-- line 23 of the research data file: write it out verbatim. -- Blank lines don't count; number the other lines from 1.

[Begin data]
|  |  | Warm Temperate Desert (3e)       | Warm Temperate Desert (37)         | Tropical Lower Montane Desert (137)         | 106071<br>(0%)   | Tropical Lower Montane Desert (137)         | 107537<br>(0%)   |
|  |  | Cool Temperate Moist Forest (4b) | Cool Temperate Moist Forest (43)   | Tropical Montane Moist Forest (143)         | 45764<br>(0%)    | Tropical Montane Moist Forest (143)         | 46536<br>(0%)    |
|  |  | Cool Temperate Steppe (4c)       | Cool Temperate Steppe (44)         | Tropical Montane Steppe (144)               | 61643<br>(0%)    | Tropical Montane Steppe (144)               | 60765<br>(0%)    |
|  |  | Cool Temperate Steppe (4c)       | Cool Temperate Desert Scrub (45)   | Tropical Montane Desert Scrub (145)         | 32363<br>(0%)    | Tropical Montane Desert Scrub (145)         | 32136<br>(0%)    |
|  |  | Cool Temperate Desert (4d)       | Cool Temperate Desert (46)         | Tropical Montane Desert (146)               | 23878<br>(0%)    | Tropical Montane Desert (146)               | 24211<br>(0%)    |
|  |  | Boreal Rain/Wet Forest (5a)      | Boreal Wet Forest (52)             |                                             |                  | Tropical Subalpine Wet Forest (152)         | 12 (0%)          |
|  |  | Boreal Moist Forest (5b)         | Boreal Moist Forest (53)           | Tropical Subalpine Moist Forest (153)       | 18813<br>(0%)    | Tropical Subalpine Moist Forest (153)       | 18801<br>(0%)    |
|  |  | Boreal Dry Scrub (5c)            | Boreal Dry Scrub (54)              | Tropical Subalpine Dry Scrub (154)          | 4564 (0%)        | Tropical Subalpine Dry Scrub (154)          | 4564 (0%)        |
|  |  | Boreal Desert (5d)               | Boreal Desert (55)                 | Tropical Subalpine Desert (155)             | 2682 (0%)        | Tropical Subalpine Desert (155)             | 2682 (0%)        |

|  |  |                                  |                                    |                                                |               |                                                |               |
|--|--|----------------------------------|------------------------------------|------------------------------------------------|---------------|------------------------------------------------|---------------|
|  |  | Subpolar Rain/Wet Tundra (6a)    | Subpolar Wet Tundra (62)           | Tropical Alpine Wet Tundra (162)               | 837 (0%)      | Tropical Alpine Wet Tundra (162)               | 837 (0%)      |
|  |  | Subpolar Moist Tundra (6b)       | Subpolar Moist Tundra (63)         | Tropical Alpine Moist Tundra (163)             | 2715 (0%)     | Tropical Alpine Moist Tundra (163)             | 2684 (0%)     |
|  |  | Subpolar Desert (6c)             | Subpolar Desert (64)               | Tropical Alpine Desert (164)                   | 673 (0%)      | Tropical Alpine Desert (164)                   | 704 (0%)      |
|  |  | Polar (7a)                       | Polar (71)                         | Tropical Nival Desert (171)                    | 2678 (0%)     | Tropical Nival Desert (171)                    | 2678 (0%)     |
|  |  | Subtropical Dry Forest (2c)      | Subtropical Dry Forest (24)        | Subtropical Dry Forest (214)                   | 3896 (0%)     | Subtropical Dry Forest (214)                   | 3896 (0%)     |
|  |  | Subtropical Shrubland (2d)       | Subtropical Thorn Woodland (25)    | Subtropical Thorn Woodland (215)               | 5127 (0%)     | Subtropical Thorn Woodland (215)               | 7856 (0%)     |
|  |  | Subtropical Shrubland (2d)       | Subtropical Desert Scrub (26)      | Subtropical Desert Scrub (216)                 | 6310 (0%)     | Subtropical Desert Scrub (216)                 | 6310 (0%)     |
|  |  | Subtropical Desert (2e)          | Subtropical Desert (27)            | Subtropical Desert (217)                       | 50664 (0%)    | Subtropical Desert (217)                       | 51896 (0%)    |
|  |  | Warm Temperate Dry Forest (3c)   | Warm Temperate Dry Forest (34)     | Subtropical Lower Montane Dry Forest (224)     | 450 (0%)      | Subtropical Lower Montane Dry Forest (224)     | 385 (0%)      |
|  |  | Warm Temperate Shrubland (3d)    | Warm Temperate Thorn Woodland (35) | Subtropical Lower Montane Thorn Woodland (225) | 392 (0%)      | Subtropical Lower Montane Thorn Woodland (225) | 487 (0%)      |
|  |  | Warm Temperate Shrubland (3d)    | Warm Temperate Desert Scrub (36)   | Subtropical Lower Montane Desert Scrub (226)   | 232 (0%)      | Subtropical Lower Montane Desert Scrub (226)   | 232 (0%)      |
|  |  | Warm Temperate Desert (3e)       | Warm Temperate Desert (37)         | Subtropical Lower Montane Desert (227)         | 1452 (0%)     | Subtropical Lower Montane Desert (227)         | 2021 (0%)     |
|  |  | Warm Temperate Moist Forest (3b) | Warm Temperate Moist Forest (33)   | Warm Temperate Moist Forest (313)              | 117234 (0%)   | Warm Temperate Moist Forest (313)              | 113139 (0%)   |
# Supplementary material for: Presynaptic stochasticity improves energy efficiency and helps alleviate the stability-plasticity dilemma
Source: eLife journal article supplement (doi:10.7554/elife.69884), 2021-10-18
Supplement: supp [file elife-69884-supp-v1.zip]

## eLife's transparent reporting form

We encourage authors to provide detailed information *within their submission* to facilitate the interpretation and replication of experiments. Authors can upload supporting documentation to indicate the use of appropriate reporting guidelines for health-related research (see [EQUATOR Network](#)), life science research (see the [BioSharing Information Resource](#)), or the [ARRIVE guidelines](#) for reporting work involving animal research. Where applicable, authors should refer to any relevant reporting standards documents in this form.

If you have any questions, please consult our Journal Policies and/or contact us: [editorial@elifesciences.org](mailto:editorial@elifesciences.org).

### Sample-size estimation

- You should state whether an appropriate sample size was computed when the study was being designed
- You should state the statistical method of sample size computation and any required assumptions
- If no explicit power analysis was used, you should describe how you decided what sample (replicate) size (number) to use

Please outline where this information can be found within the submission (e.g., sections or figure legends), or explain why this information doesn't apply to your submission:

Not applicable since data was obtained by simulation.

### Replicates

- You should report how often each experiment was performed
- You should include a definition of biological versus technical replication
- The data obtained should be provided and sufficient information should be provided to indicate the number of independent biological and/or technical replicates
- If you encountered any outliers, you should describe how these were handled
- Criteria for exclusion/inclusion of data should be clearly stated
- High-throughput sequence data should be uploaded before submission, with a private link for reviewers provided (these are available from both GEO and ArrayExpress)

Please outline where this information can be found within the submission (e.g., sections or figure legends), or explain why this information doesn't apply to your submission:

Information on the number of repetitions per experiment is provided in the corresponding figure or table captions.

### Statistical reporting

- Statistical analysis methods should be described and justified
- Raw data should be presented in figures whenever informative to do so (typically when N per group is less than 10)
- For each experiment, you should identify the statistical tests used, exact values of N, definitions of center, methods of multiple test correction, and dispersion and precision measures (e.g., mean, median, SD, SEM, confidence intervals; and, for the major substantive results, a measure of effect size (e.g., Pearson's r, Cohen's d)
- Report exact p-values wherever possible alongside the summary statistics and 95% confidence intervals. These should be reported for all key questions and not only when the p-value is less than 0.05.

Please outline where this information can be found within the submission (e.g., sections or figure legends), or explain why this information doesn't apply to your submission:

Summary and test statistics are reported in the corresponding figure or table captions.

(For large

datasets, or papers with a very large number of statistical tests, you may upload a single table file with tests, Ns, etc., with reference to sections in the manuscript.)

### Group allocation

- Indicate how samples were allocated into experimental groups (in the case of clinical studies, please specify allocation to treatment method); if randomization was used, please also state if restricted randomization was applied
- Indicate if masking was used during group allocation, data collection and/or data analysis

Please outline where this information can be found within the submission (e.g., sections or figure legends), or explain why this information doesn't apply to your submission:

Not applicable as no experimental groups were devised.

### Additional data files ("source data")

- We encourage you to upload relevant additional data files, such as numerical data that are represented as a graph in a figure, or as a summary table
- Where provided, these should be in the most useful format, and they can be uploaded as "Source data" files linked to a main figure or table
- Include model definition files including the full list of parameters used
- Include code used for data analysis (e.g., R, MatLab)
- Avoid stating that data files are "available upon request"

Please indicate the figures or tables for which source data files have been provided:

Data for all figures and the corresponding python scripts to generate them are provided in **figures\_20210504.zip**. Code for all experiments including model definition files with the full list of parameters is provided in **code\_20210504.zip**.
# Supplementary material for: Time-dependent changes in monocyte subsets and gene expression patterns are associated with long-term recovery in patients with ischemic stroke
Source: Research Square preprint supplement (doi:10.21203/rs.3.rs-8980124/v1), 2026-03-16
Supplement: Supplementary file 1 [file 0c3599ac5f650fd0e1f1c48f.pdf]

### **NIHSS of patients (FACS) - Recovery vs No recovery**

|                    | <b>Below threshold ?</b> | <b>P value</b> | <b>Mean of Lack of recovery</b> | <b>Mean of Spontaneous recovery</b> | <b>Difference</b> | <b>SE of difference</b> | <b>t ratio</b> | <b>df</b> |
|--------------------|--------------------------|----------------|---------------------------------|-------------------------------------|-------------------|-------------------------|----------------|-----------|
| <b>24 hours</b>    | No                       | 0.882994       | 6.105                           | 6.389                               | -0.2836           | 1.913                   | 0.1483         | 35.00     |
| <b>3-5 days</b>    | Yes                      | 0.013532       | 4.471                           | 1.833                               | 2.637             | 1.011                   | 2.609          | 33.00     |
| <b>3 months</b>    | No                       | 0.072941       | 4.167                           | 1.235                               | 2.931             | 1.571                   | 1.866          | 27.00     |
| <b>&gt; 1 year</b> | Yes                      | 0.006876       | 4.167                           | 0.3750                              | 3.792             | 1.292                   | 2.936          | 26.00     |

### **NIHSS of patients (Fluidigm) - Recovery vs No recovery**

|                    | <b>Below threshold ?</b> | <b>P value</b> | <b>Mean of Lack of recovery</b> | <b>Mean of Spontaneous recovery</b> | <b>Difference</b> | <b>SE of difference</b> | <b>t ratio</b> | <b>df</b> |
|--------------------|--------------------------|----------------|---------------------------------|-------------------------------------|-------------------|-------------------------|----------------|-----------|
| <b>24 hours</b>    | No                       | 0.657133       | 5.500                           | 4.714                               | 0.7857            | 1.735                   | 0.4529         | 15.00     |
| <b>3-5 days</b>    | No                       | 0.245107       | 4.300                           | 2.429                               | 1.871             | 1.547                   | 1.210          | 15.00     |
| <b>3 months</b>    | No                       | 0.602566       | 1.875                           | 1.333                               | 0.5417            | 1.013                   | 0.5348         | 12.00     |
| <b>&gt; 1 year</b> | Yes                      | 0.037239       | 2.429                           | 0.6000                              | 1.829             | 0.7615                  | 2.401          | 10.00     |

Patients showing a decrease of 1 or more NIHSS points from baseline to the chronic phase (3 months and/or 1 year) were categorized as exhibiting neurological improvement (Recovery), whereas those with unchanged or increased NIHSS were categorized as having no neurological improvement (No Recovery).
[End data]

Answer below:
|  |  | Warm Temperate Desert (3e)       | Warm Temperate Desert (37)         | Subtropical Lower Montane Desert (227)         | 1452 (0%)     | Subtropical Lower Montane Desert (227)         | 2021 (0%)     |